Rising demand for its courses has prompted the Gulf Helicopters Training Academy to look into upgrading one of its simulators, and even consider the possibility of branching out into fixed-wing training.
With the oil and gas sector steadily increasing its output to cope with the reviving global economy and to offset oil shortages caused by the Russia-Ukraine conflict, the academy is seeing growth in the number of personnel it enrols.
The academy was originally set up to cater for the training needs and requirements of Gulf Helicopters’ own staff, but this has gradually broadened into providing courses for third parties. The primary customer remains the parent company, but pilot, engineering and administrative training is now handled for a range of other operators.
The academy does not provide ab initio training, but specialises in type rating courses, as well as rating renewals. Close to 250 pilots pass through the academy each year for type rating and retaining their existing ratings.
One of the knock-on effects of layoffs during the pandemic is the current bow wave of demand. “Right now, we’re in the post-coronavirus phase, so we’re basically managing the renewal of pilots’ and engineers’ licences,” said head of training Capt Claudio Fenley. Slowly and surely, enrolment for initial type rating courses was picking up too.
As well as engineering, the facility offers training in areas including safety management systems, handling dangerous goods, security and human factors.
Given Qatar's huge offshore oil and gas reserves, training for pilots serving offshore platforms – particularly the procedures necessary for take-offs and landings – are high on the agenda.
Training is provided for a range of helicopters, particularly those widely used for the offshore oil and gas sector, such as the AgustaWestland 139 and 189, the stalwart Bell 212 and 412, and the Bell 206. The academy can make use of any of the parent company’s aircraft when they are required for training. Effectively, the aircraft are dry-leased from Gulf Helicopters, with an academy instructor undertaking the training.
The academy has simulators for both the AW139 and 189.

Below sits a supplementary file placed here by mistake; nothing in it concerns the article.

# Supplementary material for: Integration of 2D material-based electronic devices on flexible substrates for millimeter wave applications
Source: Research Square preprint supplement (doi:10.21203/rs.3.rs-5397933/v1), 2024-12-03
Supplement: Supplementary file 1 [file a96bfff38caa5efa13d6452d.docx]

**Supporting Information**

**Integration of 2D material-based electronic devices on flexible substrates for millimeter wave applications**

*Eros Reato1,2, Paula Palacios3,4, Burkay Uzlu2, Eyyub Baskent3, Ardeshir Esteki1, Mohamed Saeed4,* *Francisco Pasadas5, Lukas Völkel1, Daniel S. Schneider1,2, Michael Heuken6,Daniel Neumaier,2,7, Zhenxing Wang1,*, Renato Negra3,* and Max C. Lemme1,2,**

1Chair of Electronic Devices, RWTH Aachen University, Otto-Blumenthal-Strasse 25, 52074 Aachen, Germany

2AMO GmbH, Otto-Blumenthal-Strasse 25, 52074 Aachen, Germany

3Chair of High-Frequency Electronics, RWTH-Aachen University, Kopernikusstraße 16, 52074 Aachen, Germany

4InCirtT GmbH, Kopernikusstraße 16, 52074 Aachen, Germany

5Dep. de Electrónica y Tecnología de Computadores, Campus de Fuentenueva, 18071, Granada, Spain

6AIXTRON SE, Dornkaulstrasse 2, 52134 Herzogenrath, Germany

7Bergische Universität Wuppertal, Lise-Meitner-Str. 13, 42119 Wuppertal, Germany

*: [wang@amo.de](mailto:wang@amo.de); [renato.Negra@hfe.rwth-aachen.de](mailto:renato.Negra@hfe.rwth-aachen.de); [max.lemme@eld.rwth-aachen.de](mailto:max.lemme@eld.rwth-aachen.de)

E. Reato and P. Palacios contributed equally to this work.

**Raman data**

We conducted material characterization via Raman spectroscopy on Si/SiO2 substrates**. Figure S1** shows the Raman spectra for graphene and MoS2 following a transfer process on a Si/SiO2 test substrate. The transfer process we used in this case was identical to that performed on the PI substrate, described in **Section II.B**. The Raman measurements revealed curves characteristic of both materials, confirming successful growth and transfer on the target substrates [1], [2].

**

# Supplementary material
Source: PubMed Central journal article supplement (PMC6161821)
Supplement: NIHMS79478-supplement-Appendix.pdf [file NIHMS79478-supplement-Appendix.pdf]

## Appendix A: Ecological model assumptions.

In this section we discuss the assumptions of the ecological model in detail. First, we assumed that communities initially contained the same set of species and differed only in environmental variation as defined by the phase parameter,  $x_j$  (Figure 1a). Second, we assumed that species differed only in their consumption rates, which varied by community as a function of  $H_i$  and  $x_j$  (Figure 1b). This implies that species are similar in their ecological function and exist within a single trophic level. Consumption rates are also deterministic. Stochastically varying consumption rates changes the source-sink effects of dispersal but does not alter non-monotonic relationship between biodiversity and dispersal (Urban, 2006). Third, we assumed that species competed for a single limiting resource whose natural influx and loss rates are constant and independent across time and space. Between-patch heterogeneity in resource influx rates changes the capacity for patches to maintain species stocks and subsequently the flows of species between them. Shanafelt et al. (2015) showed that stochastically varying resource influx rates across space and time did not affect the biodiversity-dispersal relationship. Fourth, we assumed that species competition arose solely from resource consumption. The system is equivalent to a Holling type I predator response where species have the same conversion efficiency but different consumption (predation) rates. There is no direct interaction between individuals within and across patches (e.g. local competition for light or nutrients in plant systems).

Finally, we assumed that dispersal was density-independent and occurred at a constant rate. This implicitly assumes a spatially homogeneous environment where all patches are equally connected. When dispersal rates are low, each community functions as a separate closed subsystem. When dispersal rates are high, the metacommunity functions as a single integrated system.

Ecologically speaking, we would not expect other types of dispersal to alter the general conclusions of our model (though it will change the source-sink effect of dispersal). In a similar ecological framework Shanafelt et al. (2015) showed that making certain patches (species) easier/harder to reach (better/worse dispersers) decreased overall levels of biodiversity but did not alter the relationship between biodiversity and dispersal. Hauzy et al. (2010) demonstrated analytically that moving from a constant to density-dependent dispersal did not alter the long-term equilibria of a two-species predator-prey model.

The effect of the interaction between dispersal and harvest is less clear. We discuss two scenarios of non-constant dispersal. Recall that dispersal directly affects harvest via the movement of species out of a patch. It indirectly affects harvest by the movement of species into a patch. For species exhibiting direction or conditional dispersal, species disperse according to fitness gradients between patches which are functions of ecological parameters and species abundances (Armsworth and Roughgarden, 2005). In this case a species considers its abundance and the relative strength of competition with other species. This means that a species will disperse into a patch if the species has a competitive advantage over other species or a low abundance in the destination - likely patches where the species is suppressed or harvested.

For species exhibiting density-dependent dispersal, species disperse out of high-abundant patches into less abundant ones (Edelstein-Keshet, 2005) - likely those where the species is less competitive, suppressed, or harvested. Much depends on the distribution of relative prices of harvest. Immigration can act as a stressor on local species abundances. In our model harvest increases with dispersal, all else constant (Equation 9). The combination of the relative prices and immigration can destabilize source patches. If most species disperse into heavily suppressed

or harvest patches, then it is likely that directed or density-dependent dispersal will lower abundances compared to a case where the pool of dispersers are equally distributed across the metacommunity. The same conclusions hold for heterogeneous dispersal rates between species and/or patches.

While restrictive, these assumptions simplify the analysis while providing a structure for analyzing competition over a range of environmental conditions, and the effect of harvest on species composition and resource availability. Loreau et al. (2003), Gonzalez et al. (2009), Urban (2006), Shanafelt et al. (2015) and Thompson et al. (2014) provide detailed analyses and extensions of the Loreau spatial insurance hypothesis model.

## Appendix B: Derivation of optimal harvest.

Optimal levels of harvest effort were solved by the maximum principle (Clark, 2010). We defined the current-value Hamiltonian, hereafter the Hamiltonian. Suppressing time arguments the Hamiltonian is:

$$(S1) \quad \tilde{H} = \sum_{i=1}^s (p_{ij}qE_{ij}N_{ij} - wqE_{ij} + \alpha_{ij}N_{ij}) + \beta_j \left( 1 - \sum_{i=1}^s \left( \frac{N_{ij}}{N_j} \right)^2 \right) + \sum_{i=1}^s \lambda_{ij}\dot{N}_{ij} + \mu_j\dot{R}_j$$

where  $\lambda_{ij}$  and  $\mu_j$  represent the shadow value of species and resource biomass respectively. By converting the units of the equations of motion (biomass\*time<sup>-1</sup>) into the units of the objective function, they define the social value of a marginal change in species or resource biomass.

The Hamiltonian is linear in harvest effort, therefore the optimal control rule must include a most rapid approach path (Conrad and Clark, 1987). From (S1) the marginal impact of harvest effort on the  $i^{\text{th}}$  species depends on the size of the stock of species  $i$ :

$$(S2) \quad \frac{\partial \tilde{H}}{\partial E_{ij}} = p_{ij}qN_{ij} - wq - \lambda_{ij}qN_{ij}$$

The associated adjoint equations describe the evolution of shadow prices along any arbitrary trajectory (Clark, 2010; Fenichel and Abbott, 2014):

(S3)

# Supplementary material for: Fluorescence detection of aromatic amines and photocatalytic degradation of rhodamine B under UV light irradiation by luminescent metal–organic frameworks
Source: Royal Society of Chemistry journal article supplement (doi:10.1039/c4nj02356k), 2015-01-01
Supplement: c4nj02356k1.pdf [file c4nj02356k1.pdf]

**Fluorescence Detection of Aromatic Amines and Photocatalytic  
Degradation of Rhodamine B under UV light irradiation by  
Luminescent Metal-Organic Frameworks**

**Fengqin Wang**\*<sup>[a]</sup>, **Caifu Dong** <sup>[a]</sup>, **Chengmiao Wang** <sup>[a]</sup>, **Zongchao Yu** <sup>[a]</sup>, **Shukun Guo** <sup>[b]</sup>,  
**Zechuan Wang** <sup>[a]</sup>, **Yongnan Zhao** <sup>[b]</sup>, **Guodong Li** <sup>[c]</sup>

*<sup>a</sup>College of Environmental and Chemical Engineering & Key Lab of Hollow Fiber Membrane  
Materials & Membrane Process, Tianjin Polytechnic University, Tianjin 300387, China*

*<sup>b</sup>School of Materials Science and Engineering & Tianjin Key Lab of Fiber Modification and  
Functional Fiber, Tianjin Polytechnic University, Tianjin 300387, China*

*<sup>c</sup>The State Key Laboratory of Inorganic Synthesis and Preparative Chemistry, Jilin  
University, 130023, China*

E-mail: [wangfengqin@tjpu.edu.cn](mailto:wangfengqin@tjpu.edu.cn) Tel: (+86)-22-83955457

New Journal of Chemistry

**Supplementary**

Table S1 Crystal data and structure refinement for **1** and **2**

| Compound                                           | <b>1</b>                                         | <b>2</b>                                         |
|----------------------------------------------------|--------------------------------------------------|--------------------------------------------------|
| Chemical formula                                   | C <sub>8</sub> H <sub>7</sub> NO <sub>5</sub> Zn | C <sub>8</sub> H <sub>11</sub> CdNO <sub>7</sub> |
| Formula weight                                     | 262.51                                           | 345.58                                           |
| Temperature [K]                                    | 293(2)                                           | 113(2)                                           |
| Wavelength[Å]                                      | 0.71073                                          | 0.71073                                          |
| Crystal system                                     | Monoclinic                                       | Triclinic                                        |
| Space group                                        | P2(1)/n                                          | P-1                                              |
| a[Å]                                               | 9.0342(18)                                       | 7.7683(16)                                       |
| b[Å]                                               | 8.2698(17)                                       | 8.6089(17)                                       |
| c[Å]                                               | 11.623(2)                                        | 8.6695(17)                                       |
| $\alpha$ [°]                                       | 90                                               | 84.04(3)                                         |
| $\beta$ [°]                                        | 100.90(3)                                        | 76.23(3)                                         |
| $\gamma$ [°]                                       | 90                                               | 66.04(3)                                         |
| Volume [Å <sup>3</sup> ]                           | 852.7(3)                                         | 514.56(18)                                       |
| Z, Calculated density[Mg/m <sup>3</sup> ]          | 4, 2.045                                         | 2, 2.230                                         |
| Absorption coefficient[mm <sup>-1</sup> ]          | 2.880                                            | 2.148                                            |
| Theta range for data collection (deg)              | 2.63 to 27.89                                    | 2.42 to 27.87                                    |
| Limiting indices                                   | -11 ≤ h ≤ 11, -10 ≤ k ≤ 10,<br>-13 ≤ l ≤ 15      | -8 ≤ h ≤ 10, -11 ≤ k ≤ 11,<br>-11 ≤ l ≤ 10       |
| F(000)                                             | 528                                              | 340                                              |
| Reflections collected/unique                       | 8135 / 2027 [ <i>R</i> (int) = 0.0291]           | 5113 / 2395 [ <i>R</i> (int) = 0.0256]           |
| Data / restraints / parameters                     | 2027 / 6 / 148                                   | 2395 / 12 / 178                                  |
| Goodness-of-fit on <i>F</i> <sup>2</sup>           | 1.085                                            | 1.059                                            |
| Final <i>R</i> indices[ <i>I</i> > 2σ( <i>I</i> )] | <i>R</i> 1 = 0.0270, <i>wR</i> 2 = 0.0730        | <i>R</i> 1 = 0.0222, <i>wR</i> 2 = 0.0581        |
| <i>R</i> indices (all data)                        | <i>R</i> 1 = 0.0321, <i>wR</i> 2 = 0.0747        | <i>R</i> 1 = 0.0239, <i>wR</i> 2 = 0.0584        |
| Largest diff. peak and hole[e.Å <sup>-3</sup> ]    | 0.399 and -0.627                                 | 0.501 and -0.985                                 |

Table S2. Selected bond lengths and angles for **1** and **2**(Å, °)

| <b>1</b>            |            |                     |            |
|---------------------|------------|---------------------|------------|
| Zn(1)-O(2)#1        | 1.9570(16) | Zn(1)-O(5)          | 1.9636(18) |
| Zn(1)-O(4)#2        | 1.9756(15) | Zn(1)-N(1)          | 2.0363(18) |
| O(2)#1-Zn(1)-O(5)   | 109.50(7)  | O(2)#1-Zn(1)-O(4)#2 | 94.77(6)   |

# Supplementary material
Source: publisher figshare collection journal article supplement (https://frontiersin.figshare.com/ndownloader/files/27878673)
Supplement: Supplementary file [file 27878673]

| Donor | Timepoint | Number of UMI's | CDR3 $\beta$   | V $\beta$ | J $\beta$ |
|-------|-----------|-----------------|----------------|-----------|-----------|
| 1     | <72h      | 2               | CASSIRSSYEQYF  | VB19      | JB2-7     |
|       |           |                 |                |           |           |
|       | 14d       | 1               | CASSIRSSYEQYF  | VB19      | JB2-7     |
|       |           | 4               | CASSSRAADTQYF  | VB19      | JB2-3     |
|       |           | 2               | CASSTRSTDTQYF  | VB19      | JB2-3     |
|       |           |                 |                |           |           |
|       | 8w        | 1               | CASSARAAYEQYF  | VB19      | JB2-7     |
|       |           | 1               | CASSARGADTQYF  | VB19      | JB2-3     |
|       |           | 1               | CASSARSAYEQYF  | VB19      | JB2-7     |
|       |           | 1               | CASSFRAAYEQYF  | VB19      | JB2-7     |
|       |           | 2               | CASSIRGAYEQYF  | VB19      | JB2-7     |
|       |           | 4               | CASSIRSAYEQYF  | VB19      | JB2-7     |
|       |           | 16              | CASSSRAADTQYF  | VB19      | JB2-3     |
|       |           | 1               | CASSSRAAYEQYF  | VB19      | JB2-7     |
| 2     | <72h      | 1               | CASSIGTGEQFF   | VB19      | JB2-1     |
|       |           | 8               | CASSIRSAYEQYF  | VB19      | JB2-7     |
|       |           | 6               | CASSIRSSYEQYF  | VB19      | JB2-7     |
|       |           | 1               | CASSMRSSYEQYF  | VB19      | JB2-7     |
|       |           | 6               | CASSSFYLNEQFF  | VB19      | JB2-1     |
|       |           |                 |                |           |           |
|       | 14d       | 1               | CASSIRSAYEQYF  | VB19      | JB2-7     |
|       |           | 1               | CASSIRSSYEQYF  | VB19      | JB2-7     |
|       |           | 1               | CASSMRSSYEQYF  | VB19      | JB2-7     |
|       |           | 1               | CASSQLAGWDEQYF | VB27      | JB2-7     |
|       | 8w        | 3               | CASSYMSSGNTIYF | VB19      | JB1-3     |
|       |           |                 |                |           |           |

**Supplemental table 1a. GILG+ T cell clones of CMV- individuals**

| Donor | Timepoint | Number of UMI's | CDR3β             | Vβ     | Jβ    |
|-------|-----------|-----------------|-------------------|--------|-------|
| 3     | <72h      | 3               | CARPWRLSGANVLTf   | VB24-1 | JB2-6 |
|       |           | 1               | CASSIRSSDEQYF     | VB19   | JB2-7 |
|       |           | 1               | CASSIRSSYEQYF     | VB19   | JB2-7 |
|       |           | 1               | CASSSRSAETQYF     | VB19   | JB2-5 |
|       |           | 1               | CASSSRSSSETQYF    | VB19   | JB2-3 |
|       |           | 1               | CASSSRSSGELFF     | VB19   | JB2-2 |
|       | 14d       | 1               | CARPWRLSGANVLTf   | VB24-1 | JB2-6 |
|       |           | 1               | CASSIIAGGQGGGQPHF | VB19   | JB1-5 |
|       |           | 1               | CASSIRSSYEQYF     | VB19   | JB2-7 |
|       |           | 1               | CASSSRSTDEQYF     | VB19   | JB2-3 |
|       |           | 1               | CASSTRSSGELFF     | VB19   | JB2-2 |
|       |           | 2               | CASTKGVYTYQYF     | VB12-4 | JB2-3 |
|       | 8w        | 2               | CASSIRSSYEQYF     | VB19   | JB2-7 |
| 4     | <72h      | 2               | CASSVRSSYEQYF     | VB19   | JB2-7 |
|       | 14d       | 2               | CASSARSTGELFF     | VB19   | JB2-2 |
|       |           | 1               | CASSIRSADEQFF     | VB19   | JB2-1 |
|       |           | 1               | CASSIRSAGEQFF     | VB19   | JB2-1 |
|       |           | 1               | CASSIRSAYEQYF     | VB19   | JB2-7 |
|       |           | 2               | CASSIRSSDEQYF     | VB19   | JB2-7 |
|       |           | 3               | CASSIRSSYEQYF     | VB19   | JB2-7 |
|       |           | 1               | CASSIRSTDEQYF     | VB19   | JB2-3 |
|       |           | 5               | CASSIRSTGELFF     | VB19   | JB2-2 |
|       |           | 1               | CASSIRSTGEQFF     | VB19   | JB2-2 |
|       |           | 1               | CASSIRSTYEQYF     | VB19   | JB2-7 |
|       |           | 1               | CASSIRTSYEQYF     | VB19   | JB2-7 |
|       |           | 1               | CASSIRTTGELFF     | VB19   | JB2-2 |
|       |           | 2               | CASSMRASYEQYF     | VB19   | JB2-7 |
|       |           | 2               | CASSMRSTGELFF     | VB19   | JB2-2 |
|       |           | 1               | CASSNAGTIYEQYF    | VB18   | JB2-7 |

“We provide training for customers from Europe, Africa and Asia – as far east as Thailand,” said Fenley. “We always want to expand.”
Africa – particularly Nigeria, with its large oil sector – is a particularly strong source of pupils, noted Fenley. Indeed, he added, such was the popularity of the courses that, for a period, the academy was providing more training hours for Nigerian pilots than for Gulf Helicopters itself.
“Our facilities are not that fancy. We don’t go for that too much. But the whole package here in Qatar is so welcoming and Qatar Airways provides links with virtually anywhere in the world.”
If necessary, expansion of the academy’s facilities could be undertaken swiftly, said Fenley; a new building could be erected in around three months. “But the priority right now is to look into upgrading the AW139 simulator, so we can cater for more customers. That’s the initial plan.”
However, the academy is also looking at the possibility of growing its activities into fixed-wing training. “We’re thinking of expanding into this in the near future,” Fenley said. In particular, the academy is looking into providing training on smaller turboprops, as well as on executive jets. Private jets could be chartered out to academy clients when not required for training sorties, providing another revenue stream.
With few turboprops operating in the Gulf, this would suggest that the source of pilots undergoing training on them would again come from regions such as Africa, where they are ubiquitous.
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